ECB Meeting Promises Fireworks

Fasten your seat belts.  The ride is going to get bumpy.   Economists may differ on what the ECB will do.   Investors may differ on the market response.  This uncertainty ensures a strong market reaction.

The euro is off about 0.25% after recovering in the North American session yesterday.  The euro has spent this week thus far mostly within last Friday's trading range.  It has finished the North American session in the last four sessions between $1.0999 and $1.1014 according to Bloomberg.  

The other major currencies are little changed.  The Canadian dollar is consolidating yesterday's strong gain.  The New Zealand dollar has steadied after extending the RBNZ-inspired decline. 

Asian equities were mixed, leaving the MSCI Asia-Pacific Index little changed.  Japan, Korea (rates were left unchanged at the central bank meeting), Taiwan and Malaysia saw equity gains, while the rest of the region, including China, slipped lower. 

China's inflation data stands out in the relatively light news session.  Consumer prices rose 2.3% in February.  The 7.3% surge in food prices may be linked to the Lunar New Year.   Non-food goods and services prices eased.    Producer prices fell 4.9% year-over-year, compared with a negative 5.3% pace in January.  Producer prices have been falling for a full four years.  Separately, Japan reported its February producer prices fell 3.4% in February.  The recent negative reading began last April, which was the outright decline since March 2013. 

The ECB is center stage.  The larger context of the meeting is the political leadership vacuum with Merkel exhausting much of her political capital on the refugee challenge.  There are also growing doubts among investors of the efficacy of negative interest rates and QE itself.   The scar tissue from the December disappointment is still fresh. 

The economic backdrop is one of renewed deflation, fragile and uneven growth (though Germany and France have reported stronger than expected January industrial output figures).   As Draghi noted previously, fiscal policy may be marginally relaxed due to refugee-related spending.

There are several moving parts in the ECB's unorthodox stance.  To the extent, there is an agreement among economists it is that the cuts in the staff forecasts for inflation and growth will allow the ECB to cut the deposit rate another 10 bp to minus 40.  There are some who think that to get ahead of the curve of expectations the ECB will cut 15-20 bp.  The OIS market shows rates bottoming near minus 50.    

There is also anticipation of a tiered system so to mitigate the pressure on banks.  Note that last year, net interest revenue actually rose for banks, according to Bloomberg, as lending volumes offset the lower price.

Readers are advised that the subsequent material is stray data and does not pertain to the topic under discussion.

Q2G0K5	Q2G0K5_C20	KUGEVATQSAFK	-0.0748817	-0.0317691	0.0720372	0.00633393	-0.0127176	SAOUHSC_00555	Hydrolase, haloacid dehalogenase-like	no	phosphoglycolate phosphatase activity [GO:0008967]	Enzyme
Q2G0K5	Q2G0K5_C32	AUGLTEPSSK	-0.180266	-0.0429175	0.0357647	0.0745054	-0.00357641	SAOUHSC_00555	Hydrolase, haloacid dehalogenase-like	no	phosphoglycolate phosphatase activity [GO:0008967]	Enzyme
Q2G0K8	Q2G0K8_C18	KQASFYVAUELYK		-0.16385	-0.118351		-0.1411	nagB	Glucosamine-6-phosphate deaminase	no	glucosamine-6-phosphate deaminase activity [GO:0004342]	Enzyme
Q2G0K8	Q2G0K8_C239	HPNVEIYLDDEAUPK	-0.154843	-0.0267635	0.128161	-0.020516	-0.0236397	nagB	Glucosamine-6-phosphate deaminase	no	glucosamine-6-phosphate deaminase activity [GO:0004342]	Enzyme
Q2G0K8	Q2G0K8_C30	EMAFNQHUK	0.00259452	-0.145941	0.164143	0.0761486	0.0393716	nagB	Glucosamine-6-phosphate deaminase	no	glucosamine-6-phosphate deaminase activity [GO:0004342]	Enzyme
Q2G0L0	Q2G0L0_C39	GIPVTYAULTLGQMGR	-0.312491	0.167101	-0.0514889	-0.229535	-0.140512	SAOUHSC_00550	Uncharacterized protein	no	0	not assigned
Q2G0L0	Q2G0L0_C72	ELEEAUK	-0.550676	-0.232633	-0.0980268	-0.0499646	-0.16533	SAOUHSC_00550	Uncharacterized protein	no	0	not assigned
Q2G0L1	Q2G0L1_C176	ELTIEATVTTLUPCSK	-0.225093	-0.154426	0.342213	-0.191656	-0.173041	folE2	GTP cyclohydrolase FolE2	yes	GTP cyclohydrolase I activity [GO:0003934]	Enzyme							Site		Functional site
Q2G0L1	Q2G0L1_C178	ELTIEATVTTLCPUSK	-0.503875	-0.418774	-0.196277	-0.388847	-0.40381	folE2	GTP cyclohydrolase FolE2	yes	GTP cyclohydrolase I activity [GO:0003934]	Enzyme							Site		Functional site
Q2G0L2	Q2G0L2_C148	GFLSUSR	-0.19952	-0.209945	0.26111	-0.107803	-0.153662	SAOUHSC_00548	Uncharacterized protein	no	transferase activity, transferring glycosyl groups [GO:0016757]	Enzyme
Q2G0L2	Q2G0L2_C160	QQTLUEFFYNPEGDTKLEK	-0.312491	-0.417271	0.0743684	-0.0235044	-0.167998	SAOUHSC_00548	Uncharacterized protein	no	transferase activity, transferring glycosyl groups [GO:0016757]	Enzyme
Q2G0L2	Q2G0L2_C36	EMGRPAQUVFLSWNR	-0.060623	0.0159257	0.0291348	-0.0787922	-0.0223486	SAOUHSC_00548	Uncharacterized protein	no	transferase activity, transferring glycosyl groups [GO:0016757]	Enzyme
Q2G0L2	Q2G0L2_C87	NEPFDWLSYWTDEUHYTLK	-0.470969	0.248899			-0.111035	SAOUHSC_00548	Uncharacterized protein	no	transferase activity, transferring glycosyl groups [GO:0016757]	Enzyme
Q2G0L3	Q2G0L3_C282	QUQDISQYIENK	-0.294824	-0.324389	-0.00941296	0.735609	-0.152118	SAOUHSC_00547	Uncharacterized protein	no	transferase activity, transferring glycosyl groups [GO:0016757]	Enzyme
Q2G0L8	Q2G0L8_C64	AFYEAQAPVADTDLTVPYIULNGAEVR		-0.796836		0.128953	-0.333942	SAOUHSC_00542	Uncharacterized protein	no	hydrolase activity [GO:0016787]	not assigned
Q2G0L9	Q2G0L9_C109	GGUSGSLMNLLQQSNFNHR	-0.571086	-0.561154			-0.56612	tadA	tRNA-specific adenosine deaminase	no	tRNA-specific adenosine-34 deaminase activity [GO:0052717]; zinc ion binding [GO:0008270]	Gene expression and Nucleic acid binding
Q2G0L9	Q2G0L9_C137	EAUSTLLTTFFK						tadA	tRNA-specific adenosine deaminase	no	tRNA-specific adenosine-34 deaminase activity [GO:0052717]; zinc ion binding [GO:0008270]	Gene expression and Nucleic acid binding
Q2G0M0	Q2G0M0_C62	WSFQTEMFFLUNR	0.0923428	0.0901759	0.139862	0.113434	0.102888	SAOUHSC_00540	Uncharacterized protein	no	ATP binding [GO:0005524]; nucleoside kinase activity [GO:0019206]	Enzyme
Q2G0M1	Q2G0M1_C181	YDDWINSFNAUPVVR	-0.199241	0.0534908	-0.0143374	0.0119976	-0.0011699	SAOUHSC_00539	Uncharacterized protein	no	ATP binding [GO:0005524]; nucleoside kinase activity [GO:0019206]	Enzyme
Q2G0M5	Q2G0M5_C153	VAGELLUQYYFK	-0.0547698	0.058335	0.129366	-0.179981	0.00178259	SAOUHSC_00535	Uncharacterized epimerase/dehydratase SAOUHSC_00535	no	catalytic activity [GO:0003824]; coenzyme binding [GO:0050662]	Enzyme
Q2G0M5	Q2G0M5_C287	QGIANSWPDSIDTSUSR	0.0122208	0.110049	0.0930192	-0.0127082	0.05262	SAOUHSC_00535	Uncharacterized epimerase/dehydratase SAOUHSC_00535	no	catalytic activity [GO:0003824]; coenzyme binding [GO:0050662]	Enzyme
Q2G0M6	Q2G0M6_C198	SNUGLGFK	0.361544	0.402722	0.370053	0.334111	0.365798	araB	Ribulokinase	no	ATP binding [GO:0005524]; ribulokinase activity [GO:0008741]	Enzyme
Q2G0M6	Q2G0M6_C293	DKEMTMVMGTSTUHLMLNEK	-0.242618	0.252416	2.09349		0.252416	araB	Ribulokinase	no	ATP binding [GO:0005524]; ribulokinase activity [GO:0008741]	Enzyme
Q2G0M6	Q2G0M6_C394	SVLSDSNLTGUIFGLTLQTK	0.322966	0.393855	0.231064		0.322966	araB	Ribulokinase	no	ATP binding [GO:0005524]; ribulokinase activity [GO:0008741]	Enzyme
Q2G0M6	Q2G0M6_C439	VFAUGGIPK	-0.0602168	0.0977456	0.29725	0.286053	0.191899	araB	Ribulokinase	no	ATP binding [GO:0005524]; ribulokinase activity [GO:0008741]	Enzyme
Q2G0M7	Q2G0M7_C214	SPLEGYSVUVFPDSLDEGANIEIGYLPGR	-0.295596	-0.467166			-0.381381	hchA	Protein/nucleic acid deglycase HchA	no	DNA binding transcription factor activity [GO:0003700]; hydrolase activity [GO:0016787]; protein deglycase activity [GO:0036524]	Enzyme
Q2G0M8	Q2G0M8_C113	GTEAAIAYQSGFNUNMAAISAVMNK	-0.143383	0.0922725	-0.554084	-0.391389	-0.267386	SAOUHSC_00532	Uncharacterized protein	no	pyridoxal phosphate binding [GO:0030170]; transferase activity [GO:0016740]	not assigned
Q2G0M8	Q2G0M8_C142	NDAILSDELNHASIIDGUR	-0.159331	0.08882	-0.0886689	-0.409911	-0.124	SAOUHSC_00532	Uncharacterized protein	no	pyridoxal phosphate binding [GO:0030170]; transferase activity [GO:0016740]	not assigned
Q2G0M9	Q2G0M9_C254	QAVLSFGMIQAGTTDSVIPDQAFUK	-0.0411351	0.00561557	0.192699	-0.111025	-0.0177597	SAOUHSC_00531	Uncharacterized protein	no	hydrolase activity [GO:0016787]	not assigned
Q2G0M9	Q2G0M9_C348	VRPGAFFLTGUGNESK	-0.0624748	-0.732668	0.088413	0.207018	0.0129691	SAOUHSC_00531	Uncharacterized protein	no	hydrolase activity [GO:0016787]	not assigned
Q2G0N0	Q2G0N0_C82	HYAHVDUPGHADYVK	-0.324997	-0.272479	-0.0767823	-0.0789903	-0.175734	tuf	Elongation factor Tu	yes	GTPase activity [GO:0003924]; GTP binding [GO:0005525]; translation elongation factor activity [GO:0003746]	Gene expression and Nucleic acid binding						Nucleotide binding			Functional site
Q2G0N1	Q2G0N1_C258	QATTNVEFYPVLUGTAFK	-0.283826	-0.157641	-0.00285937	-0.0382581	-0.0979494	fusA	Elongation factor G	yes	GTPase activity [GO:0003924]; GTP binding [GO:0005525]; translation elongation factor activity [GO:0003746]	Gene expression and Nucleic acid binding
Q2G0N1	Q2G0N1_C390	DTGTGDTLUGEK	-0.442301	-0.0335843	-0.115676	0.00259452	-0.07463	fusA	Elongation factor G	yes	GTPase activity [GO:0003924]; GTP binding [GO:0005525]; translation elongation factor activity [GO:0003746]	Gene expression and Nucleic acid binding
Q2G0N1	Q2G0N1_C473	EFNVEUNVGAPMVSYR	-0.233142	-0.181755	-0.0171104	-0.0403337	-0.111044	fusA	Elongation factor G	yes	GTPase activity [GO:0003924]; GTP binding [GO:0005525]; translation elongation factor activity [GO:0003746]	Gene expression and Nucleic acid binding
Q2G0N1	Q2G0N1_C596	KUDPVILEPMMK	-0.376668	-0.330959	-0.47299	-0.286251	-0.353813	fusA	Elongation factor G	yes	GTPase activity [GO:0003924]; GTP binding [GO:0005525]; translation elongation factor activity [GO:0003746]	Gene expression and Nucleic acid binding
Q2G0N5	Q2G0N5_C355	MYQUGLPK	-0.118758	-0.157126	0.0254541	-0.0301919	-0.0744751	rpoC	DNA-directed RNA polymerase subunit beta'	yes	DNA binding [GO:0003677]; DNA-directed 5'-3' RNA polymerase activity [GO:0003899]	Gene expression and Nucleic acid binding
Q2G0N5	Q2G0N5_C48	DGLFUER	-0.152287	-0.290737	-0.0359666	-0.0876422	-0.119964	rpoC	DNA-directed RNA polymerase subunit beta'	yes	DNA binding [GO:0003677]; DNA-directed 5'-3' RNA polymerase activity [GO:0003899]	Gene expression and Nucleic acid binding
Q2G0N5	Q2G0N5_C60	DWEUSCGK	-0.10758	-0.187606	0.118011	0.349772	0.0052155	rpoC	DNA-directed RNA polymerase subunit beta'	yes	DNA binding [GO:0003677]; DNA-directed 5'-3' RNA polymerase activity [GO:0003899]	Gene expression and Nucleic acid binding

There is also a loose consensus that the ECB will increase the pace of its purchases.  Most expect a 10 bln euro increase (to 70 bln euros a month).  Some look for a larger 15-20 bln increase.  There is some thought to suspend the capital key as the determining element but is highly contentious.  If it is announced, it would be supportive of peripheral markets.  

There are also some economists that look for a new asset class to be included, like corporate bonds or senior tranches of systemically important banks.  Most do not expect the duration of the asset purchases to be extended beyond the current March 2017.  Lastly, there is some speculation of a new long-term repo operation. 

The more aggressive the ECB is the better for the peripheral assets.  The one exception is Portugal.   DBRS is the last of the rating agencies that recognize Portugal as investment grade.  It reviews it at the end of next month.  If DBRS joins the others and cuts Portuguese sovereign rating, the government bonds would no longer qualify for purchases under QE. 

Denmark is the most likely to respond to the ECB's action.  The Swiss National Bank meets next week.  One of the implications of negative rates in Europe (and Japan) is that it makes US yields more attractive.  This is one of the considerations behind our contention the long-end of the US curve may not be pulled higher by Fed tightening.  This is a return of the so-called Greenspan Conundrum.

The euro fell from $1.1375 on February 11 to $1.0825 last week.  The $1.08 area remains important support.  On the upside, we draw your attention to the $1.1060-$1.1070 area.  If disappointment with the ECB today pushes the euro through there,  we suspect the single currency would have legs toward $1.1300.  


ECB Meeting Promises Fireworks ECB Meeting Promises Fireworks Reviewed by Marc Chandler on March 10, 2016 Rating: 5
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